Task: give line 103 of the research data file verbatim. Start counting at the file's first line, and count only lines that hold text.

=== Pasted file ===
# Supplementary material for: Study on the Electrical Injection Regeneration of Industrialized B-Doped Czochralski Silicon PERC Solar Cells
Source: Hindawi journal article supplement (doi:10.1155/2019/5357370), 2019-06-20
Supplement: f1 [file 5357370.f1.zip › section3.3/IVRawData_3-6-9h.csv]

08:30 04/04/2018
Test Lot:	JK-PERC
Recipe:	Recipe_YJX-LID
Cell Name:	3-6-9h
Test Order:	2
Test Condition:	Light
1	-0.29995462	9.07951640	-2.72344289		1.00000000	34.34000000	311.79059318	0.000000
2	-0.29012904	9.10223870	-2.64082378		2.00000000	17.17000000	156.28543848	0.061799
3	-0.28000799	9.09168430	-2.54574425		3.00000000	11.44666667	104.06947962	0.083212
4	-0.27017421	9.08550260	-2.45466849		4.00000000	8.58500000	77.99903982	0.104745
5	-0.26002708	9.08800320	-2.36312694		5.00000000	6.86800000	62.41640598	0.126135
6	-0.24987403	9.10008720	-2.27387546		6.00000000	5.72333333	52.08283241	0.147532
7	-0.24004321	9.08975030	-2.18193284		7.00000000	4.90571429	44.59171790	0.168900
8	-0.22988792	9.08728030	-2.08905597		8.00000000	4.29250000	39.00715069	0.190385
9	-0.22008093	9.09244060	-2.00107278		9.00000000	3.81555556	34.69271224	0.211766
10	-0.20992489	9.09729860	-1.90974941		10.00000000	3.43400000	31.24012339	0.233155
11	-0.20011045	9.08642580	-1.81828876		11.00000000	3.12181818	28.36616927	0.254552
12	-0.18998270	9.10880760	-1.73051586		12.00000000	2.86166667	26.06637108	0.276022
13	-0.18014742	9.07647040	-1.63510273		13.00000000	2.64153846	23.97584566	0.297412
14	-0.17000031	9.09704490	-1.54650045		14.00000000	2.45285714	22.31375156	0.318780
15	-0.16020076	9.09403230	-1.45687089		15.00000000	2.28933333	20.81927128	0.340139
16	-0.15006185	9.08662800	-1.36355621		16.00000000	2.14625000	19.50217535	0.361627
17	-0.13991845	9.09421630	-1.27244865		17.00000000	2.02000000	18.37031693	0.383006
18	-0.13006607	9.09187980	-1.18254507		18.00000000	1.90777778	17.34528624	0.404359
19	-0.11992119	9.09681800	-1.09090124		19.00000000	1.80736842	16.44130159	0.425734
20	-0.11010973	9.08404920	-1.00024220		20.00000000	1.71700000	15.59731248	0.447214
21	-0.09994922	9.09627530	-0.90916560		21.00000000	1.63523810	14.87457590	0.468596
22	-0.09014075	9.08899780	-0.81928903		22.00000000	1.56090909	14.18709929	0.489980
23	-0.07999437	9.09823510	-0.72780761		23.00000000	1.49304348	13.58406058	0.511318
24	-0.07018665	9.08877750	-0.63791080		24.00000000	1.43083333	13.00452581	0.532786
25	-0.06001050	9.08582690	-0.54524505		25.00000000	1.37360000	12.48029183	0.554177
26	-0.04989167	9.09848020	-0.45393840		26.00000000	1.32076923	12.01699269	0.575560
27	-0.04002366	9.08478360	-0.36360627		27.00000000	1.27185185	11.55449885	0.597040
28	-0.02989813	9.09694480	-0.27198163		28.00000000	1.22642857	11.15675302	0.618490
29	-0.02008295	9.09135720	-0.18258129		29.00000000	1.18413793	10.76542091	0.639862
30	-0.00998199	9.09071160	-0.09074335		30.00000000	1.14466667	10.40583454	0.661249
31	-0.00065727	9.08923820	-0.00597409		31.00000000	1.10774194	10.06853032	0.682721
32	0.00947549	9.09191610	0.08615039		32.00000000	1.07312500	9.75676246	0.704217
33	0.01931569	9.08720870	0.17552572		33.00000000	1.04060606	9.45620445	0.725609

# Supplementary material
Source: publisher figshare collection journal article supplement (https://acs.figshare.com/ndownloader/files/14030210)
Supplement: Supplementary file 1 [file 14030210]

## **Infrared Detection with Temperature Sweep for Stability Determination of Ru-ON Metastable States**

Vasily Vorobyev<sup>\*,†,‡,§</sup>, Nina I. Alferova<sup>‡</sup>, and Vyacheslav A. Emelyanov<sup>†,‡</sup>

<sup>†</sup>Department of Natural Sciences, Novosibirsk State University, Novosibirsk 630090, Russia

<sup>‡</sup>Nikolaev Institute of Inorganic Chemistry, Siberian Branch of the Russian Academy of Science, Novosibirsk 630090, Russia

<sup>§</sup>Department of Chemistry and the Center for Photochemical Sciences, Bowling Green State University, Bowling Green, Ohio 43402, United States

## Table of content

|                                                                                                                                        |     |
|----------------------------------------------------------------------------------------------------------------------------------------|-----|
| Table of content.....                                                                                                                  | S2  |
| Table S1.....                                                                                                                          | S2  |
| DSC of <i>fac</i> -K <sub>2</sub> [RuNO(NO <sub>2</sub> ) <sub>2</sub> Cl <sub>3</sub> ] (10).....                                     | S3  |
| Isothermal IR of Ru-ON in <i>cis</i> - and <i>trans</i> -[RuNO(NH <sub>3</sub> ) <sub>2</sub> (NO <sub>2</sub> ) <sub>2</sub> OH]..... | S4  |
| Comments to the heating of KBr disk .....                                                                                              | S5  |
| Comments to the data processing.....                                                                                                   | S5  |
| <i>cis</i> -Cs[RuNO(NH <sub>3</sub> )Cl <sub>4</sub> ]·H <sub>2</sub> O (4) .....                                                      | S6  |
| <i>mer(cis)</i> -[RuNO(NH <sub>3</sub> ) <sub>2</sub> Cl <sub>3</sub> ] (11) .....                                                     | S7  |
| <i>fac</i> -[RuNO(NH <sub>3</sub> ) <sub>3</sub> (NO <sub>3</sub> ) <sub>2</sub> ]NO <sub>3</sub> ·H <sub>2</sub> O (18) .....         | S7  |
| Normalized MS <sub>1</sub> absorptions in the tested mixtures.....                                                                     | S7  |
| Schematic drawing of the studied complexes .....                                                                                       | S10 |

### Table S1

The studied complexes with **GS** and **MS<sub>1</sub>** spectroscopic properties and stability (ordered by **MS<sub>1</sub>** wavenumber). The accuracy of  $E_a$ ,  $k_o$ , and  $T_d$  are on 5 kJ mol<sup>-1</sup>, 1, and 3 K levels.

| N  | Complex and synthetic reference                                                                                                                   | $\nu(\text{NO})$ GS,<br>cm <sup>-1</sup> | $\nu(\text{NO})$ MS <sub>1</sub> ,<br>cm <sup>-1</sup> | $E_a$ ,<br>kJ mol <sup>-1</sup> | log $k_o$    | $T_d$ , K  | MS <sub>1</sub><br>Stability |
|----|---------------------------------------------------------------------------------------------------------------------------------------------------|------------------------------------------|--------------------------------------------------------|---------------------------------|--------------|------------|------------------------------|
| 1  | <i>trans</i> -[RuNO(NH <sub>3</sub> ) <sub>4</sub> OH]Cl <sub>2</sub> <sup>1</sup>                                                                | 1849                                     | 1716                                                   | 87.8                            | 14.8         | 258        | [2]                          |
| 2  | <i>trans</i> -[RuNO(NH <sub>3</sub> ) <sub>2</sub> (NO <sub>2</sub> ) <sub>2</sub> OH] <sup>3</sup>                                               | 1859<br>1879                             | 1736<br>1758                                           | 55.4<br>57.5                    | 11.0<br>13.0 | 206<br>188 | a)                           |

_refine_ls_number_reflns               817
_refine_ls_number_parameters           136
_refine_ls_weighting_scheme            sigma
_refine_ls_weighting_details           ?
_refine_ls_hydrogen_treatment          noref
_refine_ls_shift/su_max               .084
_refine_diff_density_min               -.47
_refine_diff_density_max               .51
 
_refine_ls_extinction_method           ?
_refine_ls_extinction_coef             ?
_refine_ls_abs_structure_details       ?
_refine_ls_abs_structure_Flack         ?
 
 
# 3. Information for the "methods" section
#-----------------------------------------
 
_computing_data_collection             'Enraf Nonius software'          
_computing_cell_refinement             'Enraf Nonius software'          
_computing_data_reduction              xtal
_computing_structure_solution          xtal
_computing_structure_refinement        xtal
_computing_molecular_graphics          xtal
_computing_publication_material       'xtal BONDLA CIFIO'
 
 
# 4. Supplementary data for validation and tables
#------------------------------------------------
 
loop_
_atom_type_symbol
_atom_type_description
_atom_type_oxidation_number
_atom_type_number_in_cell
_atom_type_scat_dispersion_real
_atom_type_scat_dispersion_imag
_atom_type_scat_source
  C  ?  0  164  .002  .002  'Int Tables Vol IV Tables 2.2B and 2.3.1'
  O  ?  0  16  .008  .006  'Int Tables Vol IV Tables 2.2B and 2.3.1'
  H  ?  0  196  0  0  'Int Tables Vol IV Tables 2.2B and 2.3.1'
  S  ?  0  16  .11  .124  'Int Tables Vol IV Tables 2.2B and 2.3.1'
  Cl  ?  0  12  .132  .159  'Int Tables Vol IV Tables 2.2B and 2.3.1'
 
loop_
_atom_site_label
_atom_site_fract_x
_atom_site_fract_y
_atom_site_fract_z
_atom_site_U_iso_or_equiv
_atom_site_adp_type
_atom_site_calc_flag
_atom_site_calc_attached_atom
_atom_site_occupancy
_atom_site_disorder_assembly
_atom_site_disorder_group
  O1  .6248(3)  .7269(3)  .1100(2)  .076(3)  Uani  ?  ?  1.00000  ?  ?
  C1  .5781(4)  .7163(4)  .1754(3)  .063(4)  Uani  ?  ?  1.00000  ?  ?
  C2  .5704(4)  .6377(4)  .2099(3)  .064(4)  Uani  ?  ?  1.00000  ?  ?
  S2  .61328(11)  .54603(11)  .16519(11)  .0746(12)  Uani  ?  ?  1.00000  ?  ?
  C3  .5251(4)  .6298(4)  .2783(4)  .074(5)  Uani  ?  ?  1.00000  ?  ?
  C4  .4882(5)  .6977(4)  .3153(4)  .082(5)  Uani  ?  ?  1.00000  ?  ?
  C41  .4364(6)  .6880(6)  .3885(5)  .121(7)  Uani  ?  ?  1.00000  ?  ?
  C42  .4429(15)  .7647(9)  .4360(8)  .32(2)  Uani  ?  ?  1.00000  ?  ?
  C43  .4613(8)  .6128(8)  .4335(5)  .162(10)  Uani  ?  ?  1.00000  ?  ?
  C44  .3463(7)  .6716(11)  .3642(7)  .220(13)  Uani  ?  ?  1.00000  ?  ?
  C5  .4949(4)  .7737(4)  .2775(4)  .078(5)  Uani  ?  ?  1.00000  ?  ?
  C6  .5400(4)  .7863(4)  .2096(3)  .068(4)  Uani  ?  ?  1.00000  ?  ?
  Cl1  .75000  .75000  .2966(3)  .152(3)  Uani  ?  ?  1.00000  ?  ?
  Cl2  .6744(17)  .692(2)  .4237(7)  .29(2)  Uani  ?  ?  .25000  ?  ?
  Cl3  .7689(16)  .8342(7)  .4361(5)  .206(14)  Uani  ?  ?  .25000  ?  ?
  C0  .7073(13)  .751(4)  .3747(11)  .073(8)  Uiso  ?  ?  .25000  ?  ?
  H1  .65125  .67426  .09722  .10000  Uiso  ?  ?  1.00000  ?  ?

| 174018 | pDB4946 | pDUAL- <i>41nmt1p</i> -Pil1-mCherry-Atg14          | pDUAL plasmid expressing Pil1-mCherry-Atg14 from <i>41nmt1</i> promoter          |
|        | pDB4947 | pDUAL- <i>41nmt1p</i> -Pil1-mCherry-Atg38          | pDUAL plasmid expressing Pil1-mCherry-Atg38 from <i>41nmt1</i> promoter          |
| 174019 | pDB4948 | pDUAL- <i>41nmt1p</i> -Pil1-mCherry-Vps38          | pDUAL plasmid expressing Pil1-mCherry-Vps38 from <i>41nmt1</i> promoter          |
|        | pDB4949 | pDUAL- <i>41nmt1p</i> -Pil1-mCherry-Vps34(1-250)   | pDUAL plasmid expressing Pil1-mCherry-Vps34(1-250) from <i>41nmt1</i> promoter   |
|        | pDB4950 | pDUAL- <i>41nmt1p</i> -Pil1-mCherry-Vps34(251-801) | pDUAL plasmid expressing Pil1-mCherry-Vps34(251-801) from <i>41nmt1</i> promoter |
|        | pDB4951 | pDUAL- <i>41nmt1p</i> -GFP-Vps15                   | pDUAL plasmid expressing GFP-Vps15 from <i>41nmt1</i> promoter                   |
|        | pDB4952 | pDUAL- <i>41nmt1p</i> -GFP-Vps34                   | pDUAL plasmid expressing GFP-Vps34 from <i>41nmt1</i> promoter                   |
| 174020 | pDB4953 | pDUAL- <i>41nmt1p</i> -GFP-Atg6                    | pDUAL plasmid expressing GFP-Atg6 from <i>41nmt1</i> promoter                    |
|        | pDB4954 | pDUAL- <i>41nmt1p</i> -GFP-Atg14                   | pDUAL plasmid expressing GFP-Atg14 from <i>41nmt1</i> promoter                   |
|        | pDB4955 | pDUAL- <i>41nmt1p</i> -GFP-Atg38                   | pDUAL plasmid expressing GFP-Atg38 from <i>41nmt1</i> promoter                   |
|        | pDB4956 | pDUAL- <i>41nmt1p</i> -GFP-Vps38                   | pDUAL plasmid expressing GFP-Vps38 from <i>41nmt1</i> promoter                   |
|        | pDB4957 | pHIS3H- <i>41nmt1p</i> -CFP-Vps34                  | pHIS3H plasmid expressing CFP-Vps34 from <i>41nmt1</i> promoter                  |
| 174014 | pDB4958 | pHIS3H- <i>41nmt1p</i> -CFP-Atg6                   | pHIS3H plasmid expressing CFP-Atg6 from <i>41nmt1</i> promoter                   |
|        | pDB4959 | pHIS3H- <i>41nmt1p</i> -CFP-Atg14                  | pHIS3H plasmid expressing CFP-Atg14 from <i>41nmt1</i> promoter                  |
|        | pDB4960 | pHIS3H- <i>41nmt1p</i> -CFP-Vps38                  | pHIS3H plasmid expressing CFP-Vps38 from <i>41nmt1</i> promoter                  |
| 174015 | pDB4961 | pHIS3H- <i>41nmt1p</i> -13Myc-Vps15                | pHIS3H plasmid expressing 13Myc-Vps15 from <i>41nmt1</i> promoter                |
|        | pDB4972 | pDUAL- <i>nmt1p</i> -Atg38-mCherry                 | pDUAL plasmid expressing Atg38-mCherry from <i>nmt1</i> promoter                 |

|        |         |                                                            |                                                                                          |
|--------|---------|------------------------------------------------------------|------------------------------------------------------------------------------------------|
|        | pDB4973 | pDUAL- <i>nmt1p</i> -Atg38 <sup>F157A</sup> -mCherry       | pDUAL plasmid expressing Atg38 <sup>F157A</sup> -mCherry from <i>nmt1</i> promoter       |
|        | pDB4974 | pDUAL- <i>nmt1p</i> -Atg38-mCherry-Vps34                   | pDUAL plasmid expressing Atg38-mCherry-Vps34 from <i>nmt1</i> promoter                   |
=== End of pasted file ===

  O  ?  0  16  .008  .006  'Int Tables Vol IV Tables 2.2B and 2.3.1'